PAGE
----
Seven years after the 11 o’clock news segment originally aired, when it’s summer hot, but not technically summer, she still asks, “What’s buckshot?” We all know that she knows, but I think she needs to hear that sigh in my voice so that she knows it unsettles just as bad to repeat the explanation as it is to hear it even though I’ll never know how…Even though she said he deserved it for all the times that he put a gun to her face. She watches me look down and to the side as I remind her, “It sprays.” “I never saw it,” she says, as I see her imagination piece together an image of an open face with what’s left of a tongue flopping around, blood spurting or pooling – I’m not sure what she sees.
She tells us in this heat every year as we sit outside drinking beer, “I found out in the middle of a shift, and I just kept working. I came in the next day too.” She tells us, “My mother called the news station to tell them that segment was how my little brother found out. They deleted the the footage of the slack-jawed inbred talking about how his face wasn’t there anymore…I wish I could still watch it.”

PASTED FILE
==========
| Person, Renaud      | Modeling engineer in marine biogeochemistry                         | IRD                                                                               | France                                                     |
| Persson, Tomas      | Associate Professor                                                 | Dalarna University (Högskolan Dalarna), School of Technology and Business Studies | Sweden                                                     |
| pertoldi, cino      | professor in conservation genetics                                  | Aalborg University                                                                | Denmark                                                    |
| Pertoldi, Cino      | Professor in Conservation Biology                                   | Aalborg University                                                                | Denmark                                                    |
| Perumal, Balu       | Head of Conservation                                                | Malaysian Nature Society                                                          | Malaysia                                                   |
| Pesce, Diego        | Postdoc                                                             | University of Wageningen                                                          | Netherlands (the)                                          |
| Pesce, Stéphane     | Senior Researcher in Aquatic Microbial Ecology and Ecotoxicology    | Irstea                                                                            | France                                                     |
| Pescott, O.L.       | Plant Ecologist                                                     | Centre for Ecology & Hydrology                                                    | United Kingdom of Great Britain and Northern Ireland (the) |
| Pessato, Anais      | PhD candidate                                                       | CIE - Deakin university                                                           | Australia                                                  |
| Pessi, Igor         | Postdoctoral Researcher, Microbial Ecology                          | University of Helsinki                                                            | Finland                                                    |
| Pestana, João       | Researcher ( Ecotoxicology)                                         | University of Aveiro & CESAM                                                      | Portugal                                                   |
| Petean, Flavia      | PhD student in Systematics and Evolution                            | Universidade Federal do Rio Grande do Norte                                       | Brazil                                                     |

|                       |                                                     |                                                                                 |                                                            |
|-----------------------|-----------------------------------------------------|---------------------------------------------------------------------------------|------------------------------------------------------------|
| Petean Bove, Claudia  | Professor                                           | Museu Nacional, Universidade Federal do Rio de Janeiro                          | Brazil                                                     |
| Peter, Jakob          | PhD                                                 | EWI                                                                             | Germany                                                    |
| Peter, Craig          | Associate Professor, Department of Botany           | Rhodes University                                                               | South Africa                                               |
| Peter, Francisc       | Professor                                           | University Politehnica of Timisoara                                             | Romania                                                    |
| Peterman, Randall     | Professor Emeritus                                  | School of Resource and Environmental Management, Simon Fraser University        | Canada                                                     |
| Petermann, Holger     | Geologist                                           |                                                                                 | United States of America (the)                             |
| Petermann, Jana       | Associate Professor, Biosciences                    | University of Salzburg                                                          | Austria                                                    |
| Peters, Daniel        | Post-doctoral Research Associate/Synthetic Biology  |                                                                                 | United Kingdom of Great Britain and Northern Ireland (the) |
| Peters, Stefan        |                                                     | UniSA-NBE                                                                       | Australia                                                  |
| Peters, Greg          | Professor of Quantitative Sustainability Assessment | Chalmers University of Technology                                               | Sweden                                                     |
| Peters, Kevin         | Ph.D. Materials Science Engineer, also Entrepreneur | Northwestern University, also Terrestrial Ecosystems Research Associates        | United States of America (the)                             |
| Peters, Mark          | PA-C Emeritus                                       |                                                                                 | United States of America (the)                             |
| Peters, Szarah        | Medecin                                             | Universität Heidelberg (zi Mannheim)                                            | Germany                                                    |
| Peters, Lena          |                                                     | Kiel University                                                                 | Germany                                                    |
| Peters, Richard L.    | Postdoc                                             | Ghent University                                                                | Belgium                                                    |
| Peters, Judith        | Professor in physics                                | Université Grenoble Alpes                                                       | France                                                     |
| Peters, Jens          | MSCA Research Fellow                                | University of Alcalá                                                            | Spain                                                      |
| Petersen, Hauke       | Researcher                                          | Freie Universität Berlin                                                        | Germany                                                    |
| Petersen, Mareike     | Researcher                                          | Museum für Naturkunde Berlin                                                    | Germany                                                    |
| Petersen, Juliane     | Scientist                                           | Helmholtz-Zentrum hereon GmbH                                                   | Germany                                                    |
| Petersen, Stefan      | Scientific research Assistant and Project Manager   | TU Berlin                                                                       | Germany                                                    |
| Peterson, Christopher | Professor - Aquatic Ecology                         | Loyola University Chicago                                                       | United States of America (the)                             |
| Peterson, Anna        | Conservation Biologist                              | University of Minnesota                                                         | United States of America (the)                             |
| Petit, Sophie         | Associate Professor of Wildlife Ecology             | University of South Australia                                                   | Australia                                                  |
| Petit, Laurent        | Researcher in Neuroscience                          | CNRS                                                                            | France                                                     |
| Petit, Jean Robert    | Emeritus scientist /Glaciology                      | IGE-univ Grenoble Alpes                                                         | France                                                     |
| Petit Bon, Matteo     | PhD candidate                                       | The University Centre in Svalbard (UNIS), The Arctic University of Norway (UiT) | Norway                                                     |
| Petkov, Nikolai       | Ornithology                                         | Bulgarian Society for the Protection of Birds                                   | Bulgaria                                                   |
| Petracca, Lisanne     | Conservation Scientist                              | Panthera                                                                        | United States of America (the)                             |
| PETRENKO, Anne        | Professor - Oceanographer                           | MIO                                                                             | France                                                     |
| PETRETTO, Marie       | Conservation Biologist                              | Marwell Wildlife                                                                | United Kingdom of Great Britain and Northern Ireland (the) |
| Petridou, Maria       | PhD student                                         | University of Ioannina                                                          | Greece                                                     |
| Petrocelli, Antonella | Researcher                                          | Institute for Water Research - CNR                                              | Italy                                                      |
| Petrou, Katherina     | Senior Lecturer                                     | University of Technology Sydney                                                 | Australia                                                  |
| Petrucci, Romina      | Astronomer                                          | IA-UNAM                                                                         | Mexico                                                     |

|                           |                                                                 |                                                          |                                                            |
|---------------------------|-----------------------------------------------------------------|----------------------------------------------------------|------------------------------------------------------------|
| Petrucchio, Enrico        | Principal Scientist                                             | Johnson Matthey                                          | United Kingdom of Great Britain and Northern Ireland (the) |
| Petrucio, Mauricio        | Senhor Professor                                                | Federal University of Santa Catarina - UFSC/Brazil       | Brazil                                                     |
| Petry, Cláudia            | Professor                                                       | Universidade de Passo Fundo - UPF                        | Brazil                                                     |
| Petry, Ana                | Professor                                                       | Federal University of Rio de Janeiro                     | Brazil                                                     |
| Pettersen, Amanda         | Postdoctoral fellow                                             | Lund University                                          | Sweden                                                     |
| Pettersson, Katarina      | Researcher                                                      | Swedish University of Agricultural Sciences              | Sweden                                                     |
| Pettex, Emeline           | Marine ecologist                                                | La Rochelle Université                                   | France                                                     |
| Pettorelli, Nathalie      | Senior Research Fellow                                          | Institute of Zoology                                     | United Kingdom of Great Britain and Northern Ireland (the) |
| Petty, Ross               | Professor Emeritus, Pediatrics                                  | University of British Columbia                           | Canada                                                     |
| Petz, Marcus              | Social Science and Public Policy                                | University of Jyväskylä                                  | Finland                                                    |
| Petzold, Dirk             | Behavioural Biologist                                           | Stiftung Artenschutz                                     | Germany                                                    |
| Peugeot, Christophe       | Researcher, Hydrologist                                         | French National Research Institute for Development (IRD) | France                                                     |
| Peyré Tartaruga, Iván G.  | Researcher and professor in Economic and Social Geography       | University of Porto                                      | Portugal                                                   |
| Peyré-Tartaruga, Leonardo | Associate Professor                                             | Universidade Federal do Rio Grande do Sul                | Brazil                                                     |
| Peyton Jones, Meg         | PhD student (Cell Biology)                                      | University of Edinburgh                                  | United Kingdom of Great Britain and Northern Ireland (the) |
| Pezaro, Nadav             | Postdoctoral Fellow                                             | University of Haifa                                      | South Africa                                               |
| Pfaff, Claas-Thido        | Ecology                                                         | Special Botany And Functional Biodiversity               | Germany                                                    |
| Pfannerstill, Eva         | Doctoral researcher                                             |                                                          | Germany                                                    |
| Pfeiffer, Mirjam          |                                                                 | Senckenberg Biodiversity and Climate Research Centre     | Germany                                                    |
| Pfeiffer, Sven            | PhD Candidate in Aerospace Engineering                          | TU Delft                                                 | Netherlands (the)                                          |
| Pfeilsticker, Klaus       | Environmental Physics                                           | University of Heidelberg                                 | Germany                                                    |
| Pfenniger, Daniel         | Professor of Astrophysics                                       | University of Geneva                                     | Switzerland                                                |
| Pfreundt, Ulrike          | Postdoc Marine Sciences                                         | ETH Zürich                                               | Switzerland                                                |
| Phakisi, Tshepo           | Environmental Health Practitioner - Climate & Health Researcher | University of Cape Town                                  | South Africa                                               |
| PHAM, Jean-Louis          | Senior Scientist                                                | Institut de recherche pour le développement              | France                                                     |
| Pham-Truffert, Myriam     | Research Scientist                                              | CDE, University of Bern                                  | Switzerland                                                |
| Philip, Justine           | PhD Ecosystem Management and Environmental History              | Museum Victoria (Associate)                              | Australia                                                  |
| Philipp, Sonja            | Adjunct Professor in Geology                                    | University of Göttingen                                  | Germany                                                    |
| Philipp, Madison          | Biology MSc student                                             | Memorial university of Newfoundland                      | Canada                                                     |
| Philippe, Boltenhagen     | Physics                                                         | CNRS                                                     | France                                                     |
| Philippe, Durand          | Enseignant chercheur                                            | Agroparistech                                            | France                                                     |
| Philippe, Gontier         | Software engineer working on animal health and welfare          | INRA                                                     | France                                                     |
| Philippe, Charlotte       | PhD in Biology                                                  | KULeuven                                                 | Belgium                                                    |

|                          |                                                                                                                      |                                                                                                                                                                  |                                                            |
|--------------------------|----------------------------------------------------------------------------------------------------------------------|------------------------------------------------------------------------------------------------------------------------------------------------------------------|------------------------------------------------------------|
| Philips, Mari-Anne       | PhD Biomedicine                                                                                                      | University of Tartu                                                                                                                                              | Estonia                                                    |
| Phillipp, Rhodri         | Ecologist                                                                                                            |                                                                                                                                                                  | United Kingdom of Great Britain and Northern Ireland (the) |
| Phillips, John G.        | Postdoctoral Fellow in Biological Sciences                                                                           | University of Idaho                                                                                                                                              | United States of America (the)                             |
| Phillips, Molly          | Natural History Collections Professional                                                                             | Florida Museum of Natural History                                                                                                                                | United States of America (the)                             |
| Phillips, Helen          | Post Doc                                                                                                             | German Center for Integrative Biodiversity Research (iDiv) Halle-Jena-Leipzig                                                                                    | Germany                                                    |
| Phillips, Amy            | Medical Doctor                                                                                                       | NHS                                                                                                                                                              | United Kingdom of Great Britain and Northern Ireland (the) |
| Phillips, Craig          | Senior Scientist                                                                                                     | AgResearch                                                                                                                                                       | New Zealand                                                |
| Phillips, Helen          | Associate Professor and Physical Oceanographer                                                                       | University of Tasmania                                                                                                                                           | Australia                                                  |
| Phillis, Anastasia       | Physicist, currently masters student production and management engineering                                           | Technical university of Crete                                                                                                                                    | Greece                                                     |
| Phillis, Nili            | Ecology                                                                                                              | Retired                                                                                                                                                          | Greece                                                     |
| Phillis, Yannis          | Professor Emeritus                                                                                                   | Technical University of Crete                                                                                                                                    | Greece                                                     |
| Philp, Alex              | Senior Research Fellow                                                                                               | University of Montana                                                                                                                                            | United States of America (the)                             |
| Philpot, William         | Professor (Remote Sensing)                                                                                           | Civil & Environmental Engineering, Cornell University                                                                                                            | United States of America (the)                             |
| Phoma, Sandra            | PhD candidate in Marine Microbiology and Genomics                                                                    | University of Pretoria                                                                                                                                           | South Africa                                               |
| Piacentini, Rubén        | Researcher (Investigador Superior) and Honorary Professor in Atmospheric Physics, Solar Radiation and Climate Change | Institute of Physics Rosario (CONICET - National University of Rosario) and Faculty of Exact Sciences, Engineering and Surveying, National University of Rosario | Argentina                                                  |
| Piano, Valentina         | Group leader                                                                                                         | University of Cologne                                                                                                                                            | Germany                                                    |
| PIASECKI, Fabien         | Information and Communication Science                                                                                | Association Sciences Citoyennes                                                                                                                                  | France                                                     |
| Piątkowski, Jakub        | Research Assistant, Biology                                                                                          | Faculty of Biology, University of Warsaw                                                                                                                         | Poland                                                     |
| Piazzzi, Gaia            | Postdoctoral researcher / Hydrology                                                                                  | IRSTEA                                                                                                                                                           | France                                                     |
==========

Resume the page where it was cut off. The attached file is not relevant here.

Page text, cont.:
Before the subject abruptly changes, she reminds us that he said she never could do anything. He didn’t think she could go to college or take care of herself. He used to call her fat. He used to yell at her when she’d remind him that he wasn’t really her dad, but she had to remind him because he didn’t do the things a dad was supposed to do. “He was helping a prostitute named ‘Friday’ move from her estranged husband’s house. He was wearing a fanny pack when the guy shot him.” We sit on the corner at a fake European restaurant and wait for the baked brie to arrive. We wait for eight years after the 11 o’clock news segment originally aired, when it’s summer hot, but not technically summer, so she can ask “What’s buckshot?”